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Analysis of Biomarker Utility using a PBPK Model for Carbaryl
Phillips, M., M. Yoon, B. Young, AND C. Tan. Analysis of Biomarker Utility using a PBPK Model for Carbaryl. Frontiers in Pharmacology. Frontiers, Lausanne, Switzerland, 5(246):1-10, (2014).
The National Exposure Research Laboratory′s (NERL) Human Exposure and Atmospheric Sciences Division (HEASD) conducts research in support of EPA′s mission to protect human health and the environment. HEASD′s research program supports Goal 1 (Clean Air) and Goal 4 (Healthy People) of EPA′s strategic plan. More specifically, our division conducts research to characterize the movement of pollutants from the source to contact with humans. Our multidisciplinary research program produces Methods, Measurements, and Models to identify relationships between and characterize processes that link source emissions, environmental concentrations, human exposures, and target-tissue dose. The impact of these tools is improved regulatory programs and policies for EPA.
There are many types of biomarkers; the two common ones are biomarkers of exposure and biomarkers of effect. The utility of a biomarker for estimating exposures or predicting risks depends on the strength of the correlation between biomarker concentrations and exposure/effects. In the current study, a combined exposure and physiologically-based pharmacokinetic/pharmacodynamic (PBPK/PD) model of carbaryl was used to demonstrate the use of computational modeling for providing insight into the selection of biomarkers for different purposes. The Cumulative and Aggregate Risk Evaluation System (CARES) was used to generate exposure profiles, including magnitude and timing, for use as inputs to the PBPK/PD model. The PBPK/PD model was then used to predict blood concentrations of carbaryl and urine concentrations of its principal metabolite, 1-naphthol (1-N), as biomarkers of exposure. The PBPK/PD model also predicted acetylcholinesterase (AChE) inhibition in red blood cells (RBC) as a biomarker of effect. The correlations of these simulated biomarker concentrations with intake doses or brain AChE inhibition (as a surrogate of effects) were analyzed using a linear regression model. Results showed that 1-N in urine is a better biomarker of exposure than carbaryl in blood, and that 1-N in urine is correlated with the dose averaged over the last 2 days of the simulation. They also showed that RBC AChE inhibition is an appropriate biomarker of effect. This computational approach can be applied to a wide variety of chemicals to facilitate quantitative analysis of biomarker utility.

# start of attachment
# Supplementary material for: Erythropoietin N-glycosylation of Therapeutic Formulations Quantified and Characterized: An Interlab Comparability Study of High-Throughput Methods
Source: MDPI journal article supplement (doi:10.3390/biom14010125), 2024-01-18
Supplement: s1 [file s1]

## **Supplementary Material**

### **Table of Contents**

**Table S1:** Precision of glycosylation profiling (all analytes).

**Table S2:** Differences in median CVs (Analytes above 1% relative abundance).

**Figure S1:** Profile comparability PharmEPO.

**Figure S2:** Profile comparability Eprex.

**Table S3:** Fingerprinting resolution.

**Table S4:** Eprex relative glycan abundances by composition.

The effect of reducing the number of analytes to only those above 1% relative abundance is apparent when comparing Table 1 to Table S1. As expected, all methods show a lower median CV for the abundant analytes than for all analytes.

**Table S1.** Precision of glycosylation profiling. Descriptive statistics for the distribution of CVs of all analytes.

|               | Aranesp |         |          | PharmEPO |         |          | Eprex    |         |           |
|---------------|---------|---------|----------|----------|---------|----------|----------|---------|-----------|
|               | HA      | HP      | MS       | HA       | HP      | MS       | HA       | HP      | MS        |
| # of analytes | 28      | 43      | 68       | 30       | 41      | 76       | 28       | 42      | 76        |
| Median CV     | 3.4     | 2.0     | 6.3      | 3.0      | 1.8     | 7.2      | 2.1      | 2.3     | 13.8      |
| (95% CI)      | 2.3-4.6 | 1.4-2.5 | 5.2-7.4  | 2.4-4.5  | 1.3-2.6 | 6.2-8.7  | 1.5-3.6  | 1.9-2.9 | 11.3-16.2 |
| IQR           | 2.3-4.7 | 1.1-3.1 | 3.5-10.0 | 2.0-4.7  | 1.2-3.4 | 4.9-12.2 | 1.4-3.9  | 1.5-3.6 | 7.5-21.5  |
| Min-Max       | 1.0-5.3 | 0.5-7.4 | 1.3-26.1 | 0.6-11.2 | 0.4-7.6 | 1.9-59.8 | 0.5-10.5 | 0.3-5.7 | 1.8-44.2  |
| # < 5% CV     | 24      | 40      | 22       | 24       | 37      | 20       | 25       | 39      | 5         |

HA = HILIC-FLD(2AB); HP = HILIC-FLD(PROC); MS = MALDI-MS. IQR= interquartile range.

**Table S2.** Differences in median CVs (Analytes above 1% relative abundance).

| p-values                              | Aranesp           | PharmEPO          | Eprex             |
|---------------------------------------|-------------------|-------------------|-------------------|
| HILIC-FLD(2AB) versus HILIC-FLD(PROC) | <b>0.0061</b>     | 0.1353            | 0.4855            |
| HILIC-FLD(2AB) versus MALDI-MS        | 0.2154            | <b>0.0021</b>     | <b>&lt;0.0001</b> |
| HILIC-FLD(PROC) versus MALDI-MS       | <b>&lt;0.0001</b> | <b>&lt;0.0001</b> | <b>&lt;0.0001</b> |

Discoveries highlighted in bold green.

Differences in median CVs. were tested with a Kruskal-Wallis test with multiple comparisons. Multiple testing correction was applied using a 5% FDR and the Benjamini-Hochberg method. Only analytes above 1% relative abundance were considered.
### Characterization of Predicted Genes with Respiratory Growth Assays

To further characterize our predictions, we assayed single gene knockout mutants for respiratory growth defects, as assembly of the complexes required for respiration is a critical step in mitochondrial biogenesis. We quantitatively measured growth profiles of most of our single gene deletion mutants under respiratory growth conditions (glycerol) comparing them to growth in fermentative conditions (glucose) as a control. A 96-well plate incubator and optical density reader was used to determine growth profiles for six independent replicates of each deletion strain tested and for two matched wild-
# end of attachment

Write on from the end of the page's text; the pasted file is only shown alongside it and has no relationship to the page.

URLs/Downloads:Frontiers in Pharmacology Exit
CARBARYL MANUSCRIPT FOR REVIEW FINAL FINAL.PDF (PDF,NA pp, 811.729 KB, about PDF)
SUPPLEMENTARY MATERIAL-FOR SUBMISSION.PDF (PDF,NA pp, 388.036 KB, about PDF)
Record Details:Record Type: DOCUMENT (JOURNAL/PEER REVIEWED JOURNAL)
Organization:U.S. ENVIRONMENTAL PROTECTION AGENCY
OFFICE OF RESEARCH AND DEVELOPMENT
NATIONAL EXPOSURE RESEARCH LABORATORY
HUMAN EXPOSURE AND ATMOSPHERIC SCIENCES DIVISION
EXPOSURE & DOSE RESEARCH BRANCH